Social Change Projects

Graham Panther has led the development of a number social change projects, with a focus on helping to better connect our fragmented communities. The theme of Graham’s social change work is peer support – finding new and better ways for people to share what they’ve learned from their own tough times, and feel a little less alone in their brains.

Select projects

The Big Feels Club – a unique, art-based approach to mental health. Graham developed this global peer support network in partnership with co-founder Honor Eastly, a multidisciplinary artist (and creator of the Starving Artist podcast), The Big Feels Club uses art, writing, music, and podcasting to spark more connecting conversations about the messy stuff of being human. The first experiment, the ‘Big Feels Book Club’, has been run by volunteers in Australia, New Zealand, and South Africa, creating spaces for people to explore their big, scary feelings, and feel a little less alone in the process. This initiative saw over 1000 signups in the first week of operation, with club members joining from all over Australia, New Zealand, and beyond. Read more about why Graham set up this project here.

The Mind Recovery College – Graham was one of two leads on the establishment of Australia’s first Recovery College, with Mind Australia. The college is a ground-breaking new model of service delivery, now delivering over 200 courses per year across 8 campuses in Victoria and South Australia. The college is built on the principles of ‘co-production’, in which people who have used mental health services partner with other professionals to deliver mental health education. This model is part of a substantial shift in Australia’s mental health sector toward a genuinely recovery-oriented system. It has also played a part in redefining the notion of ‘mental health expertise’ to include the rich knowledge we gain from experiencing hard times.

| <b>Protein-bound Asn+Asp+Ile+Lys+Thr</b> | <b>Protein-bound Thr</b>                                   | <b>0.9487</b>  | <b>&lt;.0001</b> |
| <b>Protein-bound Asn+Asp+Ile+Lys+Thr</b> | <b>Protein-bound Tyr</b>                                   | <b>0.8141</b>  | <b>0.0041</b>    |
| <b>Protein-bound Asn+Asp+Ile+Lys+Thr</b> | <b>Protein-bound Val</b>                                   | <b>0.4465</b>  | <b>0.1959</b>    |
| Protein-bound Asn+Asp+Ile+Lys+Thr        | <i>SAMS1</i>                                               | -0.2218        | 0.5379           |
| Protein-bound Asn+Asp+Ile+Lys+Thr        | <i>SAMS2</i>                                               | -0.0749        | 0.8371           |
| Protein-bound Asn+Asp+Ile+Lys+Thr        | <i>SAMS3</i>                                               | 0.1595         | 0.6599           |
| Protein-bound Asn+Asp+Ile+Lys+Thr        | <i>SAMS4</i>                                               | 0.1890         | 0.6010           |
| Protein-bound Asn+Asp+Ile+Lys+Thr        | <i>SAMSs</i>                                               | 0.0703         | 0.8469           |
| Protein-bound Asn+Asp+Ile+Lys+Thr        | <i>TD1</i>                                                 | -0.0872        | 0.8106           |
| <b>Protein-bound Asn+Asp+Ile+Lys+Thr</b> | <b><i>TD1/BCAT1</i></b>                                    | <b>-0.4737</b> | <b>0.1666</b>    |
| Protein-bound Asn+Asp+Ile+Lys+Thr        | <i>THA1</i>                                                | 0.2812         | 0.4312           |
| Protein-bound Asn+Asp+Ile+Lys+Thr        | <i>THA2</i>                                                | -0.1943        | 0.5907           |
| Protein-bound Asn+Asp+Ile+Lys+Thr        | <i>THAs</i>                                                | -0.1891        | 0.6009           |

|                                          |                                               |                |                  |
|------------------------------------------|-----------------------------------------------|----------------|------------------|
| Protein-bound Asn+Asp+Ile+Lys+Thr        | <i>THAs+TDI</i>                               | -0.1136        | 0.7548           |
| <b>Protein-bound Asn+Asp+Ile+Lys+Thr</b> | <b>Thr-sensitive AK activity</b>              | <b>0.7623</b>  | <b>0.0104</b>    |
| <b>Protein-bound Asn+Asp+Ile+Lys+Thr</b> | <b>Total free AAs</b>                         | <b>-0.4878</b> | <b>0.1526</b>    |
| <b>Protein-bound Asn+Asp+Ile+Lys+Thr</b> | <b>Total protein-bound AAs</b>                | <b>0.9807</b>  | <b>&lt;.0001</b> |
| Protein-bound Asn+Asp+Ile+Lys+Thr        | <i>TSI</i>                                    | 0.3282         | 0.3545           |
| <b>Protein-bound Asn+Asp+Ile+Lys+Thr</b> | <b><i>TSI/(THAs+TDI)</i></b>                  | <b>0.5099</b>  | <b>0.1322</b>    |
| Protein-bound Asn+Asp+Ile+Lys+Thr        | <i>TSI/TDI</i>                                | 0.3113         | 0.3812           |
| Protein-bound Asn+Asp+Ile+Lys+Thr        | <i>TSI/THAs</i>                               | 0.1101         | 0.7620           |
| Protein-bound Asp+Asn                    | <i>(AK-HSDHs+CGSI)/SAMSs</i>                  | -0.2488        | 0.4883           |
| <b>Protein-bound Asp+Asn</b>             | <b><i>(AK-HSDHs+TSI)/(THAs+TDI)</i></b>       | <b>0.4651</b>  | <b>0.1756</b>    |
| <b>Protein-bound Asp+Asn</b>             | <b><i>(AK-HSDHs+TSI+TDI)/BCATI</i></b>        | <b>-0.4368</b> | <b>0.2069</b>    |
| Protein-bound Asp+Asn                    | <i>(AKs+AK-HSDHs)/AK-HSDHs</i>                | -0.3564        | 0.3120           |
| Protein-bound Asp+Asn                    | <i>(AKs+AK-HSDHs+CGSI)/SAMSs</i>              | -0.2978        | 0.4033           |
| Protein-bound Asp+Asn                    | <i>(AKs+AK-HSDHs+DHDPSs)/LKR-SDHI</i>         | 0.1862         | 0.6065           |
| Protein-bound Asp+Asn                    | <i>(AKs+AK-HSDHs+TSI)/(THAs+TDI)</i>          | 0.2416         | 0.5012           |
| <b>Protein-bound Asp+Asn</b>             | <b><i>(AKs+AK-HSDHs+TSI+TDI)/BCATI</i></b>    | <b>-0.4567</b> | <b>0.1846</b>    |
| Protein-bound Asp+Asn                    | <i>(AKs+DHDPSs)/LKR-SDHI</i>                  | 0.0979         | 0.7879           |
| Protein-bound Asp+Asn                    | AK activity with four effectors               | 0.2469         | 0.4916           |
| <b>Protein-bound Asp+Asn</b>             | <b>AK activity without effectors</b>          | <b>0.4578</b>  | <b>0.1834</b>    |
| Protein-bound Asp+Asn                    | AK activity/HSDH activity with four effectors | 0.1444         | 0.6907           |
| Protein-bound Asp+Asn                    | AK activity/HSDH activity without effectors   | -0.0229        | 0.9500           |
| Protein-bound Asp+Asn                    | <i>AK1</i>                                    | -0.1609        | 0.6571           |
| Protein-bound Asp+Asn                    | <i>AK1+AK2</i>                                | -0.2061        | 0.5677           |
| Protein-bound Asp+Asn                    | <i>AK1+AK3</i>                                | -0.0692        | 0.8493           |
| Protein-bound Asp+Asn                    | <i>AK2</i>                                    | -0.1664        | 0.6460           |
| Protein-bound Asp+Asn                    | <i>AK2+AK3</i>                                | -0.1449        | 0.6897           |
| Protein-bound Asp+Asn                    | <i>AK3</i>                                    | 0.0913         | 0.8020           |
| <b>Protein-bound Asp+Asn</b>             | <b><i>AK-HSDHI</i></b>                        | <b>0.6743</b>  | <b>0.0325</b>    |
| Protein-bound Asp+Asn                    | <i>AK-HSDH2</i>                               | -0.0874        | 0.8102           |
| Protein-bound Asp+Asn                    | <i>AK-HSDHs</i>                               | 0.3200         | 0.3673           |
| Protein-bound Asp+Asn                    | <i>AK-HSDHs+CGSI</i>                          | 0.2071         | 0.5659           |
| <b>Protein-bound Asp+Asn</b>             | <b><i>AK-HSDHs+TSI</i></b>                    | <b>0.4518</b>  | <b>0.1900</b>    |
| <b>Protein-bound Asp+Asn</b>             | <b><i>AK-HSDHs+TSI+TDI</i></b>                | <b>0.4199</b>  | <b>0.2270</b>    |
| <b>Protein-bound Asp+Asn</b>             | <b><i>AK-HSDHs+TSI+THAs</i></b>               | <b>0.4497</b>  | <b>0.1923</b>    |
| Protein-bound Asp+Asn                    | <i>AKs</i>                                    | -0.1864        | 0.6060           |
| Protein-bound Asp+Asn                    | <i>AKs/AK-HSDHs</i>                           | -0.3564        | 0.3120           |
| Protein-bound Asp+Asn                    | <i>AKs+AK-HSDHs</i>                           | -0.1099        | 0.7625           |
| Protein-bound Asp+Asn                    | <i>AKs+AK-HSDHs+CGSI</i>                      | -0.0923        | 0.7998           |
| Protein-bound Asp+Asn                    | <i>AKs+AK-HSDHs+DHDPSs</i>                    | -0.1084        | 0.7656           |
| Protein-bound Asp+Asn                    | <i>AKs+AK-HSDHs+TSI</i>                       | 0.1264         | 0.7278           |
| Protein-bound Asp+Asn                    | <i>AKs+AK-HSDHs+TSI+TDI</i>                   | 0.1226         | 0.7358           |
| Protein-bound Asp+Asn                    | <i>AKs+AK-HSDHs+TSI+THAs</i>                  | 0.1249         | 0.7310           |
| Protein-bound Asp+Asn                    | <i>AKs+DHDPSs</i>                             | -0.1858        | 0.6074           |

Peer Support

Graham began his career in mental health as part of New Zealand’s first Peer Support team to operate under a mainstream community mental health contract. Much of his service development work has focused on Peer Support, and other initiatives designed to help communities to help themselves.

The success of Peer Support within mental health and addictions stems from two simple truths: a problem shared is a problem halved, and it’s often easier to share a problem with someone who’s been through something similar. Peer Support has emerged as an efficient and effective addition to traditional mental health services (see for example King, 2011; Repper & Carter, 2011; Davidson, Bellamy et al, 2012).

In addition to the Mind Recovery College and the Big Feels Club, Graham has played a key role in embedding formal peer support in the health system in Australia and New Zealand, including:

  • Consulting to Primary Health Networks on embedding peer support within general practice
  • Evaluating and providing input into design of peer support services – at both an individual program and broader system level.

For a public example of Graham’s work on the nature of embedding peer services in a traditional health system, click here.

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